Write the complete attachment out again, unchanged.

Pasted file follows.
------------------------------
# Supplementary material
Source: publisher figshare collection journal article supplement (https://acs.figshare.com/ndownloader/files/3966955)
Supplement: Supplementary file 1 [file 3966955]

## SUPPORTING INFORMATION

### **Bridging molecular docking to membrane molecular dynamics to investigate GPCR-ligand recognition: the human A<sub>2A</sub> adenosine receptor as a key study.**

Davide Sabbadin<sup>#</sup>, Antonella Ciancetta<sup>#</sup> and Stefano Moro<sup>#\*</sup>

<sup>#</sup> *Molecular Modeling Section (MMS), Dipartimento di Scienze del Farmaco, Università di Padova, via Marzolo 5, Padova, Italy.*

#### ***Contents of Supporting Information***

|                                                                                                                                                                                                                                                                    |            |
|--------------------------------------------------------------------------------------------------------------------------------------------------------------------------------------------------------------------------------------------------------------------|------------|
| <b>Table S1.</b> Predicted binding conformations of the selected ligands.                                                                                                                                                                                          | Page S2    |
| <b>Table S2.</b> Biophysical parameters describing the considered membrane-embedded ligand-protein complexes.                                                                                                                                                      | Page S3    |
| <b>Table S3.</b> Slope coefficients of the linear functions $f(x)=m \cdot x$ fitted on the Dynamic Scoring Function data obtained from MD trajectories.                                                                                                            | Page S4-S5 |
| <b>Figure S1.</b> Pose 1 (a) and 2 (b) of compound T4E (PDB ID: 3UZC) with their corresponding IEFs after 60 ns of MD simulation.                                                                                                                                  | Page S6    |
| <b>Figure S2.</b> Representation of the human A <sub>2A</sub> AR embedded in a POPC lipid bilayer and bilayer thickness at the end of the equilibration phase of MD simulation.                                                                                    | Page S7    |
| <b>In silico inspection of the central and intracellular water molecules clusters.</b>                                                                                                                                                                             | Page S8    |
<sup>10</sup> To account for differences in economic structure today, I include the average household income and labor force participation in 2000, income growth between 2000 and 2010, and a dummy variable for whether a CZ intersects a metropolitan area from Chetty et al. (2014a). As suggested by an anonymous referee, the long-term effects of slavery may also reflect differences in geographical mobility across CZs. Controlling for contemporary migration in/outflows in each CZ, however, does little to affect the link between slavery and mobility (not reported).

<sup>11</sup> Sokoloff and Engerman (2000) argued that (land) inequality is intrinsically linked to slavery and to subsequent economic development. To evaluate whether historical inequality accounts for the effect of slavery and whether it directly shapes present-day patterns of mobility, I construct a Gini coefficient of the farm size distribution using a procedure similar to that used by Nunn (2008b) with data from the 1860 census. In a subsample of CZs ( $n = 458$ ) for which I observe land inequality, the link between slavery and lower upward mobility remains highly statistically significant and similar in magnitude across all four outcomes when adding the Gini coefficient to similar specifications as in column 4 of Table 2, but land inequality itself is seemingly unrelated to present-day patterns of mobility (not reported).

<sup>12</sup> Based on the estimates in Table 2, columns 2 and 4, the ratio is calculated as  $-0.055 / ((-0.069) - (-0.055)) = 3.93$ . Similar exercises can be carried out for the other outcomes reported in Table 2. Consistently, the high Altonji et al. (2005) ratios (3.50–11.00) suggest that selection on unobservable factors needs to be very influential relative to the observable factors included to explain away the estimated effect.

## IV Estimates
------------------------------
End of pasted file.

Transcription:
# Supplementary material
Source: publisher figshare collection journal article supplement (https://acs.figshare.com/ndownloader/files/3966955)
Supplement: Supplementary file 1 [file 3966955]

## SUPPORTING INFORMATION

### **Bridging molecular docking to membrane molecular dynamics to investigate GPCR-ligand recognition: the human A<sub>2A</sub> adenosine receptor as a key study.**

Davide Sabbadin<sup>#</sup>, Antonella Ciancetta<sup>#</sup> and Stefano Moro<sup>#\*</sup>

<sup>#</sup> *Molecular Modeling Section (MMS), Dipartimento di Scienze del Farmaco, Università di Padova, via Marzolo 5, Padova, Italy.*

#### ***Contents of Supporting Information***

|                                                                                                                                                                                                                                                                    |            |
|--------------------------------------------------------------------------------------------------------------------------------------------------------------------------------------------------------------------------------------------------------------------|------------|
| <b>Table S1.</b> Predicted binding conformations of the selected ligands.                                                                                                                                                                                          | Page S2    |
| <b>Table S2.</b> Biophysical parameters describing the considered membrane-embedded ligand-protein complexes.                                                                                                                                                      | Page S3    |
| <b>Table S3.</b> Slope coefficients of the linear functions $f(x)=m \cdot x$ fitted on the Dynamic Scoring Function data obtained from MD trajectories.                                                                                                            | Page S4-S5 |
| <b>Figure S1.</b> Pose 1 (a) and 2 (b) of compound T4E (PDB ID: 3UZC) with their corresponding IEFs after 60 ns of MD simulation.                                                                                                                                  | Page S6    |
| <b>Figure S2.</b> Representation of the human A <sub>2A</sub> AR embedded in a POPC lipid bilayer and bilayer thickness at the end of the equilibration phase of MD simulation.                                                                                    | Page S7    |
| <b>In silico inspection of the central and intracellular water molecules clusters.</b>                                                                                                                                                                             | Page S8    |
<sup>10</sup> To account for differences in economic structure today, I include the average household income and labor force participation in 2000, income growth between 2000 and 2010, and a dummy variable for whether a CZ intersects a metropolitan area from Chetty et al. (2014a). As suggested by an anonymous referee, the long-term effects of slavery may also reflect differences in geographical mobility across CZs. Controlling for contemporary migration in/outflows in each CZ, however, does little to affect the link between slavery and mobility (not reported).

<sup>11</sup> Sokoloff and Engerman (2000) argued that (land) inequality is intrinsically linked to slavery and to subsequent economic development. To evaluate whether historical inequality accounts for the effect of slavery and whether it directly shapes present-day patterns of mobility, I construct a Gini coefficient of the farm size distribution using a procedure similar to that used by Nunn (2008b) with data from the 1860 census. In a subsample of CZs ( $n = 458$ ) for which I observe land inequality, the link between slavery and lower upward mobility remains highly statistically significant and similar in magnitude across all four outcomes when adding the Gini coefficient to similar specifications as in column 4 of Table 2, but land inequality itself is seemingly unrelated to present-day patterns of mobility (not reported).

<sup>12</sup> Based on the estimates in Table 2, columns 2 and 4, the ratio is calculated as  $-0.055 / ((-0.069) - (-0.055)) = 3.93$ . Similar exercises can be carried out for the other outcomes reported in Table 2. Consistently, the high Altonji et al. (2005) ratios (3.50–11.00) suggest that selection on unobservable factors needs to be very influential relative to the observable factors included to explain away the estimated effect.

## IV Estimates